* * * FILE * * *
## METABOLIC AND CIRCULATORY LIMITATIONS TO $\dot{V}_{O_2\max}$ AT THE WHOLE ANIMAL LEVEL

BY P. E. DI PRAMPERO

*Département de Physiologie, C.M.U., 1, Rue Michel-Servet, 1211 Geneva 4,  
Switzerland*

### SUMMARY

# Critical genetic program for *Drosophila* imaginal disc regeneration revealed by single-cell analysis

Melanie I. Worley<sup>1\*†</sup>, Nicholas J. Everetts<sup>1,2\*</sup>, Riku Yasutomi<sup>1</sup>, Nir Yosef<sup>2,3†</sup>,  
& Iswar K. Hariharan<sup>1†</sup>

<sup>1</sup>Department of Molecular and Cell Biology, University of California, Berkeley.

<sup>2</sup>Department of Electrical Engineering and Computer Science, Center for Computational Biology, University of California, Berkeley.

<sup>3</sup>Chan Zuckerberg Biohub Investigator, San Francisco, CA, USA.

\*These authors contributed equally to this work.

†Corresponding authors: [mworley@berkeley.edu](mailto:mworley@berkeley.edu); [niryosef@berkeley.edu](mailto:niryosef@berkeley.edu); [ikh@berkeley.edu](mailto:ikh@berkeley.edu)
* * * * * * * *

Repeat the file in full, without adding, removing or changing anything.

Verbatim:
## METABOLIC AND CIRCULATORY LIMITATIONS TO $\dot{V}_{O_2\max}$ AT THE WHOLE ANIMAL LEVEL

BY P. E. DI PRAMPERO

*Département de Physiologie, C.M.U., 1, Rue Michel-Servet, 1211 Geneva 4,  
Switzerland*

### SUMMARY

# Critical genetic program for *Drosophila* imaginal disc regeneration revealed by single-cell analysis

Melanie I. Worley<sup>1\*†</sup>, Nicholas J. Everetts<sup>1,2\*</sup>, Riku Yasutomi<sup>1</sup>, Nir Yosef<sup>2,3†</sup>,  
& Iswar K. Hariharan<sup>1†</sup>

<sup>1</sup>Department of Molecular and Cell Biology, University of California, Berkeley.

<sup>2</sup>Department of Electrical Engineering and Computer Science, Center for Computational Biology, University of California, Berkeley.

<sup>3</sup>Chan Zuckerberg Biohub Investigator, San Francisco, CA, USA.

\*These authors contributed equally to this work.

†Corresponding authors: [mworley@berkeley.edu](mailto:mworley@berkeley.edu); [niryosef@berkeley.edu](mailto:niryosef@berkeley.edu); [ikh@berkeley.edu](mailto:ikh@berkeley.edu)